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Minister’s Letter

Dear Friends,

As you receive this issue of the franciscan, I am beginning a month in Calais working with a friend of SSF, Broeder Johannes Maertens, in a house of hospitality.

Calais has been a focal point for the controversy about the refugees in Europe. Many people have said they support the people but oppose the policy that allows huge numbers of people to come into their country. It isn’t clear as I write in October 2016 if there will be a refugee encampment at Calais in January 2017, but one thing is certain: the refugee crisis will still exist in Europe, Asia, the South Pacific, Africa, the Middle East — and other places. Even if the encampment is gone, I believe I will have work to do: the traditional works of mercy: offering to those in need food, clothing, shelter, visiting those sick and in prison. Who knows what I will be called on to do?  My first obligation is to show up.

For the past several years the stories of refugees from around the world have made a great impression on me. Their stories are heartbreaking tales of danger, violence and death, extraordinary perseverance and (some—far too few) lucky breaks. What is needed, in addition to the power of world organizations and governments to bring peace to the war-torn areas of the world, is the convincing influence of ordinary people serving their fellow human beings.

Eight years ago I went to Iran as a ‘citizen diplomat’ with The Fellowship of Reconciliation. Citizen diplomacy is grassroots-level meetings, sharing life experiences, and returning to talk about these things with other ‘ordinary people.’

It is through caring and creating bonds with refugees that any one of us can contribute to a transformation of consciousness. Informed by personal relationships we can encourage the development of the political will to stop these injustices.

Refugees and asylum seekers are a global problem. There are people fleeing to Europe from Syria. Other refugees and desperate people are trying to find better lives in the United States. People are braving the seas to reach Australia. The fact that so many of these people are turned back, or put into detention centres and become the objects of suspicion and hatred, is a scandal. It is necessary that Christians do whatever they can to reach out a friendly hand of fellowship, and advocate on behalf of the refugees and asylum seekers.  For all who watched the Olympic Games there was the powerful story of the Team Refugee: men and women who competed as stateless persons. Their stories of overcoming huge challenges to be there were staggering. Refugees are not helpless people with nothing to offer. They have the same dreams and aspirations as all of us, and the world community must act to ensure the universal human rights to peace, justice and a decent life.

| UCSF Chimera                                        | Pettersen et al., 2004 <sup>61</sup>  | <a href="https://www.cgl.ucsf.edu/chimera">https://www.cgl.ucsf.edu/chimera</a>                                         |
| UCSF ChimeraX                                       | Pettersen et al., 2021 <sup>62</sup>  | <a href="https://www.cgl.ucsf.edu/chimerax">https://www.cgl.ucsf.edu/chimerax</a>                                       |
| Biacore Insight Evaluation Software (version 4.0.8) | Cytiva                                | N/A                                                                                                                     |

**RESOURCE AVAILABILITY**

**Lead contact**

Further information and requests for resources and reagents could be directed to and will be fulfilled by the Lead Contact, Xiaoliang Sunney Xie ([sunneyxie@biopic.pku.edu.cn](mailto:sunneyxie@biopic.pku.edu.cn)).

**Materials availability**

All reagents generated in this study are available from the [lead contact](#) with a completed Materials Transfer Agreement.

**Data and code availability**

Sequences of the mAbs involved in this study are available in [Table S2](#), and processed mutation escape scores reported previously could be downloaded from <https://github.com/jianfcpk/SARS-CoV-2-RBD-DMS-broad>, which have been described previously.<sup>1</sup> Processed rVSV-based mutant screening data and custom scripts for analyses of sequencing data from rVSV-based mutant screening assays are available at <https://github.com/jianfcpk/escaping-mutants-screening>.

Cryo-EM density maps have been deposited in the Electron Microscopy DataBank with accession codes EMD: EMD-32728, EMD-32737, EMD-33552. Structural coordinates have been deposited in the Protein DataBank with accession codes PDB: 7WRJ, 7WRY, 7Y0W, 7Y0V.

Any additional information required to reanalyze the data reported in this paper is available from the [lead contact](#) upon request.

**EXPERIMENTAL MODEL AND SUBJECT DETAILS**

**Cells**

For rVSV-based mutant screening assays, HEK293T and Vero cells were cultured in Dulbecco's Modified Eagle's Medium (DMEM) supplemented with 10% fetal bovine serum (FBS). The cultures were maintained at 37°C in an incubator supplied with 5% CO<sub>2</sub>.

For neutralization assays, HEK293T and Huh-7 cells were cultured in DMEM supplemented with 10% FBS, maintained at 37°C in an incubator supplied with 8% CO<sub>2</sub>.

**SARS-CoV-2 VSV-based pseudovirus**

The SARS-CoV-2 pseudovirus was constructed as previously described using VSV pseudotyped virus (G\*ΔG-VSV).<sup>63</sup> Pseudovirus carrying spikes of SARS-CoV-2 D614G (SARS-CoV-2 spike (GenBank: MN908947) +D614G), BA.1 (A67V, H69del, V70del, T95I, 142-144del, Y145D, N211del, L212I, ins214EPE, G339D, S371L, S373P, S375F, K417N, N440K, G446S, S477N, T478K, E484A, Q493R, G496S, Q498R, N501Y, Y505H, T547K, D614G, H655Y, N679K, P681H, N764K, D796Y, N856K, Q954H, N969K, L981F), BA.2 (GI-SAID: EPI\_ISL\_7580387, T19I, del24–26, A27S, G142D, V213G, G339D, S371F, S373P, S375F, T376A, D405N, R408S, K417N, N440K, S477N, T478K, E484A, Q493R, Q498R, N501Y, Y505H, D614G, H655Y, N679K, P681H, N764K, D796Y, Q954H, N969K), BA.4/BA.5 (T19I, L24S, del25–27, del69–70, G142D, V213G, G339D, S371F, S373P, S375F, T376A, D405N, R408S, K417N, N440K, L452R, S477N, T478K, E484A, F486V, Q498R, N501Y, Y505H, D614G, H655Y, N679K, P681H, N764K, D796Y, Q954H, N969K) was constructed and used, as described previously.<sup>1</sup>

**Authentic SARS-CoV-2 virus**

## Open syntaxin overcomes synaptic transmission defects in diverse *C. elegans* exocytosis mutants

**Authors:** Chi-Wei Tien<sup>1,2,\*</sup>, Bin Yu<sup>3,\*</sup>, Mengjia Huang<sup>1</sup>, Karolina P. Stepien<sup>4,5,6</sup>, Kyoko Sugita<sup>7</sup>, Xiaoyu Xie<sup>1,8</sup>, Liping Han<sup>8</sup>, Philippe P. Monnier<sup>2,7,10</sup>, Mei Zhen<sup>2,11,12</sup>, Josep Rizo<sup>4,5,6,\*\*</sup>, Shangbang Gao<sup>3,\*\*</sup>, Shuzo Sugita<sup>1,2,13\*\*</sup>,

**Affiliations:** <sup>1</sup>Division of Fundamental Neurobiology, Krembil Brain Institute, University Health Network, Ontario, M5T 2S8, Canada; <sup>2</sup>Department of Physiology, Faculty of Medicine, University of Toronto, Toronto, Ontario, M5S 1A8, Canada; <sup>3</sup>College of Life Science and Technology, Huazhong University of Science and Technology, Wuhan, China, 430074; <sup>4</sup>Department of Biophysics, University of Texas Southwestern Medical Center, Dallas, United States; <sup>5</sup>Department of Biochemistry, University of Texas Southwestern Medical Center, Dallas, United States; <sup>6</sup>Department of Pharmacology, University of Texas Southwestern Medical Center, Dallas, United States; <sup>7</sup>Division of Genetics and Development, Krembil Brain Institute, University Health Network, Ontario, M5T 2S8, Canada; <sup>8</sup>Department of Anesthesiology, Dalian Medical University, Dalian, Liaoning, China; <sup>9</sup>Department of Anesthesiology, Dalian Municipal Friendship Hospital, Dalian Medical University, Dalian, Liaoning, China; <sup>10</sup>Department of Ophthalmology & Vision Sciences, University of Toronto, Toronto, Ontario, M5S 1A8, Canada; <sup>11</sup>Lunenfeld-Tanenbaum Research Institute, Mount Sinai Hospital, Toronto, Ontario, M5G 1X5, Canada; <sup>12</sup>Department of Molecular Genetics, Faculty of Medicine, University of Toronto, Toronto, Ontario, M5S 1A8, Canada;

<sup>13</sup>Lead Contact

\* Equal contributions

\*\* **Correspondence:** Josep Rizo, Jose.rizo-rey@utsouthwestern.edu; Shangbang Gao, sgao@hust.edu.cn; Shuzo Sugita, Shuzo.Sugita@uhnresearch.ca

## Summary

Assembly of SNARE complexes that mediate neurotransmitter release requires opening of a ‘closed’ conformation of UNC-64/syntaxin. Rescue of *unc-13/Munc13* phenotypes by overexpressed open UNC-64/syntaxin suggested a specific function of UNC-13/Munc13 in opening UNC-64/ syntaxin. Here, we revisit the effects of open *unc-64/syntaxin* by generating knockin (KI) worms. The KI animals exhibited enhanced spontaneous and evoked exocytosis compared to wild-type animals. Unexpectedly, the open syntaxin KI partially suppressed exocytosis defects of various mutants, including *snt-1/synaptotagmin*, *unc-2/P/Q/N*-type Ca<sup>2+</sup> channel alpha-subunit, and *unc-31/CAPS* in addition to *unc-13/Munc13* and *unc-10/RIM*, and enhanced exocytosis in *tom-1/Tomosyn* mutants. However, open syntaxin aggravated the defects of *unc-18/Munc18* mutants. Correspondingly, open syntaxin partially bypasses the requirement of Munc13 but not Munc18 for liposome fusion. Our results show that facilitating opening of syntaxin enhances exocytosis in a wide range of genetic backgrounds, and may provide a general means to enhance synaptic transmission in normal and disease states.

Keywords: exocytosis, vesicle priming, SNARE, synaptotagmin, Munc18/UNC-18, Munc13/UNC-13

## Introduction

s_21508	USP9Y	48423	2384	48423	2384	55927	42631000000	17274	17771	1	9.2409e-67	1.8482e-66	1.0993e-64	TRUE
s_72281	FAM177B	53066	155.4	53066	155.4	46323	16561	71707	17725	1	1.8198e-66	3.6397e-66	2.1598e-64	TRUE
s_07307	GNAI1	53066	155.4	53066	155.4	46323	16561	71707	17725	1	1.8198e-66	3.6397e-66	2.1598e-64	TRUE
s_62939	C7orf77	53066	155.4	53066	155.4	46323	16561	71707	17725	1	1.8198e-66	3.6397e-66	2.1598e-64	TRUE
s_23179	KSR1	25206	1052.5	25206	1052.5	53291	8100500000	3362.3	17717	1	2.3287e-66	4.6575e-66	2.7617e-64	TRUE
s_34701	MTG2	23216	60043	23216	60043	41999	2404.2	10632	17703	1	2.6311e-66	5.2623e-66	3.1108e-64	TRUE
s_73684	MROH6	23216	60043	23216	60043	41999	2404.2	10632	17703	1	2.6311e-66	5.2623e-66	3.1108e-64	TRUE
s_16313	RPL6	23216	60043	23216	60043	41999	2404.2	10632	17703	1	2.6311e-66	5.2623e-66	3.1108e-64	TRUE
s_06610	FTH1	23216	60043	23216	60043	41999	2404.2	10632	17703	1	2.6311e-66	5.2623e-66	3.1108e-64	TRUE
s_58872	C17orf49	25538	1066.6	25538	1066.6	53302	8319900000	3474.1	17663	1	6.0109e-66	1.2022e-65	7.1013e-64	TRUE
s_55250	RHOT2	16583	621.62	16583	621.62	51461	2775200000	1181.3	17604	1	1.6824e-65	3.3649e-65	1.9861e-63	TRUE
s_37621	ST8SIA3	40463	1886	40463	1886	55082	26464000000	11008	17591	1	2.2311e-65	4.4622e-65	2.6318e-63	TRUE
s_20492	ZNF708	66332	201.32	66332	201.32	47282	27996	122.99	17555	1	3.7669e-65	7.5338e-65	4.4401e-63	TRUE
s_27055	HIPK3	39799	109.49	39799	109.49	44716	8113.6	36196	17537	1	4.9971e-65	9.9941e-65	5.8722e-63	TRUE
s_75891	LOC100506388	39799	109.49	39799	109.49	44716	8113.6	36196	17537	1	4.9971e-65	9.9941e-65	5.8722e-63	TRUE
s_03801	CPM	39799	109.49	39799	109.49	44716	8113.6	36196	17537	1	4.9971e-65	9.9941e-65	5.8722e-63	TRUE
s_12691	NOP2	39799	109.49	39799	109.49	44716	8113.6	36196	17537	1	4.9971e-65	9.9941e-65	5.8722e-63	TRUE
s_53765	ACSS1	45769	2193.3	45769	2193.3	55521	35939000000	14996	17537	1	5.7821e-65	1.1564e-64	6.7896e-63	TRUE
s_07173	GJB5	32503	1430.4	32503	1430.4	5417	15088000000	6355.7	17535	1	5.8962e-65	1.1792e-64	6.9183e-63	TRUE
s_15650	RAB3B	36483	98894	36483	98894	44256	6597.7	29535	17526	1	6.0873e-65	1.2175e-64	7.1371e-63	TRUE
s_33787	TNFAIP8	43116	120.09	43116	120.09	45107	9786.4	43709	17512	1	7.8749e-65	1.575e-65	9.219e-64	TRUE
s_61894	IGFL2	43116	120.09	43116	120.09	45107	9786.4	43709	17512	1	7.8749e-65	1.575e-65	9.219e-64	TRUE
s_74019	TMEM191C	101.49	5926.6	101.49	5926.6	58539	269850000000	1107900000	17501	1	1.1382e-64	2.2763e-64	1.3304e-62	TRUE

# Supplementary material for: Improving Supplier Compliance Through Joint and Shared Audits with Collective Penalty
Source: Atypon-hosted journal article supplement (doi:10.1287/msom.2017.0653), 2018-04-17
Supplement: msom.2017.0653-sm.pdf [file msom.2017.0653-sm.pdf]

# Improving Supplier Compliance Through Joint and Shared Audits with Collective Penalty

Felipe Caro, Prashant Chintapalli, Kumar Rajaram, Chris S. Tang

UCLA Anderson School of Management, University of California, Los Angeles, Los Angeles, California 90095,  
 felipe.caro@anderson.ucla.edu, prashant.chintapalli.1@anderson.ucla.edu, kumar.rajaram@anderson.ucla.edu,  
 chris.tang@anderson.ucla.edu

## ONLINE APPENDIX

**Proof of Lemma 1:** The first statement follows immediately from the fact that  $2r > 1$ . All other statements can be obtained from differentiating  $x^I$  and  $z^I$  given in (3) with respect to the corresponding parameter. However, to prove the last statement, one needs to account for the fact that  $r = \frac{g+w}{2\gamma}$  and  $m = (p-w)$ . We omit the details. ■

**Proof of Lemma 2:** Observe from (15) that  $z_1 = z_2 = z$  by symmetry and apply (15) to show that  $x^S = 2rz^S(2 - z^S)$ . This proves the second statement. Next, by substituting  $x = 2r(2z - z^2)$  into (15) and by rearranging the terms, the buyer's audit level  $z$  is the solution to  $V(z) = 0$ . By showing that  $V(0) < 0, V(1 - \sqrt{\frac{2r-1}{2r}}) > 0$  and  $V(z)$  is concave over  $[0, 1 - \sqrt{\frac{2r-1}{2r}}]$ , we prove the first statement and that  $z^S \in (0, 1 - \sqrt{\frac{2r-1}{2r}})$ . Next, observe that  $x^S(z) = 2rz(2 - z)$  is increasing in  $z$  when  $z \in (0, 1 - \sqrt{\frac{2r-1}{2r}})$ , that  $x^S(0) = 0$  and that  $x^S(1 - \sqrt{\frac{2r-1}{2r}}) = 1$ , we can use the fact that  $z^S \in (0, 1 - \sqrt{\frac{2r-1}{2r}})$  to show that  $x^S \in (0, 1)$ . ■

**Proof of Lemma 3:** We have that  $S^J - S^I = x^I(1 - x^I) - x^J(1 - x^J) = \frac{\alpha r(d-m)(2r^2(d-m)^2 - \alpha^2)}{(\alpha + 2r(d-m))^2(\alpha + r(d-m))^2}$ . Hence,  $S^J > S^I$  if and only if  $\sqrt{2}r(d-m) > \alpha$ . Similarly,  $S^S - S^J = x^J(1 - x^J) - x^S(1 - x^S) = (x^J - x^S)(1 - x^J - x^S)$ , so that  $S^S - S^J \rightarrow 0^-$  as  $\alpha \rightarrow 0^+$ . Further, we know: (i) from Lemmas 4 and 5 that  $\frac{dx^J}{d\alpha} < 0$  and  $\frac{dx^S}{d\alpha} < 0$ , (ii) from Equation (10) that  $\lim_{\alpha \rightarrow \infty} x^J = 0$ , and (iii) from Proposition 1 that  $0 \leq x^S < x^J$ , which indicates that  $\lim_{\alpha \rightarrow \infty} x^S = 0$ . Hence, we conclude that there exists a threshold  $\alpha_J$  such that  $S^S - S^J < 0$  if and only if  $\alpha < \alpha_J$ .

In addition to the political, and economic refugees, there are what we call climate refugees: people who are now or will soon be fleeing their island homes because of rising sea levels.

More people are fleeing their homes now than ever before.

A drink of cold water, a blanket, a friendly conversation are humanizing initiatives, and Christ commends them. Writing letters, telling stories, meeting with others to bring political pressure to influence leaders is a natural corollary of the acts of mercy.

Above all, pray for the refugees, and pray that God will use you in some way to make a difference in your community and our world.

With every blessing for the New Year.

Br. Clark Berge SSF

(Until 2017 Br Clark Berge was Minister General of the First Order Brothers)